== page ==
Jane Austen is perhaps the most famous and beloved female author in history, despite publishing anonymously during her lifetime. A stigma about Austen’s stories is that they are merely mushy romances for girls. The Hollywoodization of the film adaptations is partially to blame for this image, as they fail to capture the satire and sharp wit in her work. To be clear, there is indeed plenty of romance to be found, with the basic plot of every novel involving a musical chairs of which girl ends up with which boy (#TeamBingley). But her books have far more to offer than love stories. A clergyman’s daughter, her writing embodies a pious Christian worldview and penetrating insight into social relationships. 

Emma is her most hilarious and enjoyable work. Mansfield Park and Persuasion (published posthumously) feature more mature and virtuous heroines. But if you only read one Austen novel, it should be Pride and Prejudice, her most famous work. The manuscript was originally titled First Impressions, which is a succinct summation of the central theme. The story traces the moral growth of the various characters as they overcome their shortsighted assumptions and judgments of each other. Present-day Christian readers may no longer live in the same genteel, aristocratic British society as Elizabeth Bennett and Fitzwilliam Darcy, but the novel can help challenge and deconstruct our own pride and prejudices.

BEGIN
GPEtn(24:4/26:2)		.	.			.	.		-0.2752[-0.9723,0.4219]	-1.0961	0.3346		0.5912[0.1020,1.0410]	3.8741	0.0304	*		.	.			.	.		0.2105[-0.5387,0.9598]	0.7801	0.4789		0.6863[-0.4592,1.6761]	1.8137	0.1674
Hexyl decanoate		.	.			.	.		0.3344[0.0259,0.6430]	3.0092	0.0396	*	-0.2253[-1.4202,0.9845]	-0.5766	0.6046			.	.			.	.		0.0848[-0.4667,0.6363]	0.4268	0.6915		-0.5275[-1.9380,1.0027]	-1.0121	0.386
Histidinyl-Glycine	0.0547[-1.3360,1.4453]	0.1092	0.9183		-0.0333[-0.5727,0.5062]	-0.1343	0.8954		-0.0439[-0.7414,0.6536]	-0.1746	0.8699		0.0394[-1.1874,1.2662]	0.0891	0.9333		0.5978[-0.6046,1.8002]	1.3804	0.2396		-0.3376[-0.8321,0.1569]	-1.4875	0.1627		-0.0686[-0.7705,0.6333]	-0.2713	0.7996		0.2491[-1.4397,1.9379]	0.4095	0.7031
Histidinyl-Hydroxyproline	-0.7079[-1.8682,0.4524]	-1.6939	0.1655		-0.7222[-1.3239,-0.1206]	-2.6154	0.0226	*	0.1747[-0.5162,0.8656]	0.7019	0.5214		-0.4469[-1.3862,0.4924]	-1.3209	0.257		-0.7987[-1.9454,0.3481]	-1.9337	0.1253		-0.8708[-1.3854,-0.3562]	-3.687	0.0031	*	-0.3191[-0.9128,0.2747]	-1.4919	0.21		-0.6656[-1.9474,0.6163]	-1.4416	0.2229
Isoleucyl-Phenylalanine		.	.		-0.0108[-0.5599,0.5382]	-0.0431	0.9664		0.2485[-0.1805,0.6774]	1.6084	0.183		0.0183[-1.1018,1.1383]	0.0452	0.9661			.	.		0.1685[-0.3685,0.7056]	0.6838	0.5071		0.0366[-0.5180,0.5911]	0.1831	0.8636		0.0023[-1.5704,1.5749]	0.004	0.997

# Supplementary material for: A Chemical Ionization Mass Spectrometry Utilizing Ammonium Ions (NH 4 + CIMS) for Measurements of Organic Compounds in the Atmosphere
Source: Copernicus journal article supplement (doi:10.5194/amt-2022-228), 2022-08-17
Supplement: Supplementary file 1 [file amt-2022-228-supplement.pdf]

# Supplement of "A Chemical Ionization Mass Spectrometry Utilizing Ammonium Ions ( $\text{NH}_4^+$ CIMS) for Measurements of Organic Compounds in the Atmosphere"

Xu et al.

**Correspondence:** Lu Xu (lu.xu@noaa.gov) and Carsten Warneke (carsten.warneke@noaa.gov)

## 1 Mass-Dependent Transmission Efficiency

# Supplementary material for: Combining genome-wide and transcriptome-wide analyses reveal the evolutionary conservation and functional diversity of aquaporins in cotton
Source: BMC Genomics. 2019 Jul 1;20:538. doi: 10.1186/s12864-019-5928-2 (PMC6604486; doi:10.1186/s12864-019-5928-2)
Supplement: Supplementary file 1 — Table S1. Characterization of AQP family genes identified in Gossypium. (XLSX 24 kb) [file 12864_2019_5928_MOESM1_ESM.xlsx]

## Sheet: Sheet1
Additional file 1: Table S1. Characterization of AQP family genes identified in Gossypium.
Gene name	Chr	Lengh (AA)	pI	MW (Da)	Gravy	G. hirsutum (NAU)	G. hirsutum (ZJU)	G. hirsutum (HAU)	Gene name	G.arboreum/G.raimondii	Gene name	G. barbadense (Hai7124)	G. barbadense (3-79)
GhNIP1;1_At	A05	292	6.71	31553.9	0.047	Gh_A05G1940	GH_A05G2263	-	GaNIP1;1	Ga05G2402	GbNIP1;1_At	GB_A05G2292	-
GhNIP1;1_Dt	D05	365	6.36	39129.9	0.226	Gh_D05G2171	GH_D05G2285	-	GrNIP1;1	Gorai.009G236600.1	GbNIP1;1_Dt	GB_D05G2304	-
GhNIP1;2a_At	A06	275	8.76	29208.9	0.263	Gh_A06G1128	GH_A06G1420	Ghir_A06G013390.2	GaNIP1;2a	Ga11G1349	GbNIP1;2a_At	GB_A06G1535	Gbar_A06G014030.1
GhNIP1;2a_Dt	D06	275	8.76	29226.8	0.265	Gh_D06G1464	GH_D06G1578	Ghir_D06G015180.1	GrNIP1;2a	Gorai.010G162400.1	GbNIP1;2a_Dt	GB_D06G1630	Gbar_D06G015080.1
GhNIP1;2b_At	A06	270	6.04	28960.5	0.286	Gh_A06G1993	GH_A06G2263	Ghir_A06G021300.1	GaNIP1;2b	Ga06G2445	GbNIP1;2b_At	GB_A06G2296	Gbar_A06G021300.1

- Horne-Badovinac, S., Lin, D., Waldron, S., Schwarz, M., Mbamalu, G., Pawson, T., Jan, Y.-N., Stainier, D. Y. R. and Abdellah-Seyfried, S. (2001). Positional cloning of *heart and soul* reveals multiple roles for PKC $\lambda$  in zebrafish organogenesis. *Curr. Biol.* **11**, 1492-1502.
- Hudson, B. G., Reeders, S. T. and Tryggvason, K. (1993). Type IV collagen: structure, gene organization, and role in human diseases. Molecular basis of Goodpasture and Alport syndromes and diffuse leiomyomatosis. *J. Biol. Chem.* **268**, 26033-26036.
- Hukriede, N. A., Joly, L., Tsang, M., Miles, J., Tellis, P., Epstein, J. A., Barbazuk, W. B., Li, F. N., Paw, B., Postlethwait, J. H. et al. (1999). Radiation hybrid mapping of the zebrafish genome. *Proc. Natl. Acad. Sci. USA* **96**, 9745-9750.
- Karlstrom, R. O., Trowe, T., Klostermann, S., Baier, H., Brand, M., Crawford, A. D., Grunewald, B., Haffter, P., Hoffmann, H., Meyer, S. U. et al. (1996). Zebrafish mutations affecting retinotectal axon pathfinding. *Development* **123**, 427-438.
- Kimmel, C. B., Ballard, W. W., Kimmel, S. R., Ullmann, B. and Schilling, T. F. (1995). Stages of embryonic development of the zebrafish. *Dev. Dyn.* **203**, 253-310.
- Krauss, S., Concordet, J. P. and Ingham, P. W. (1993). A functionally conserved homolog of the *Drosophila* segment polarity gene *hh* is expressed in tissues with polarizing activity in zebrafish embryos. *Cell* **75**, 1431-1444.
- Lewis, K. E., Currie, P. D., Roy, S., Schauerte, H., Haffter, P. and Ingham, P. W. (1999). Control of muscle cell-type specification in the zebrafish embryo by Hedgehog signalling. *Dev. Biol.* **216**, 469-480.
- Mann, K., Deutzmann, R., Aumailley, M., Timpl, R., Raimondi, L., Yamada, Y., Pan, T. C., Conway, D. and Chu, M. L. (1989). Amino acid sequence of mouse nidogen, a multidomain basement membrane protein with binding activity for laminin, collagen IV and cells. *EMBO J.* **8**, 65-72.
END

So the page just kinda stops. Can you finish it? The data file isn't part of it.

3. The Count of Monte Cristo — Alexandre Dumas

“Until the day when God shall deign to reveal the future to man, all human wisdom is summed up in these two words,-Wait and hope.”

A classic revenge story (and a precursor to the Batman character), The Count of Monte Cristo weaves a complex narrative about a man named Edmond Dantès who escapes from a wrongful imprisonment and, with the help of a seemingly limitless fortune, slowly plots the downfall of the men responsible. While movie adaptations often render the story into a swashbuckling adventure tale, the novel has more in common with a Shakespearian tragedy. It’s a slow-burn, methodical character study of the dehumanizing cost of anger, bitterness, and revenge. On a deeper level, the main theme is nothing less than the original sin of mankind—elevating ourselves into the place of God. 

Edmond Dantès desires justice and comes to believe that he is acting as the hands of God. Dantès is the protagonist, but the uncomfortable tension at the heart of the book is that he isn’t a hero. A key moment in the novel is when he realizes he has gone too far: “[H]e felt he had passed beyond the bounds of vengeance, and that he could no longer say, ‘God is for and with me.’” Dumas’ great novel explores the line between human justice and God’s eternal and perfect justice, raising difficult questions without always providing easy answers. In an age when justice (or the lack of justice) is a primary concern, The Count of Monte Cristo remains a relevant and timely cautionary tale.   

4. Les Misérables — Victor Hugo

 “Love is the foolishness of men, and the wisdom of God.”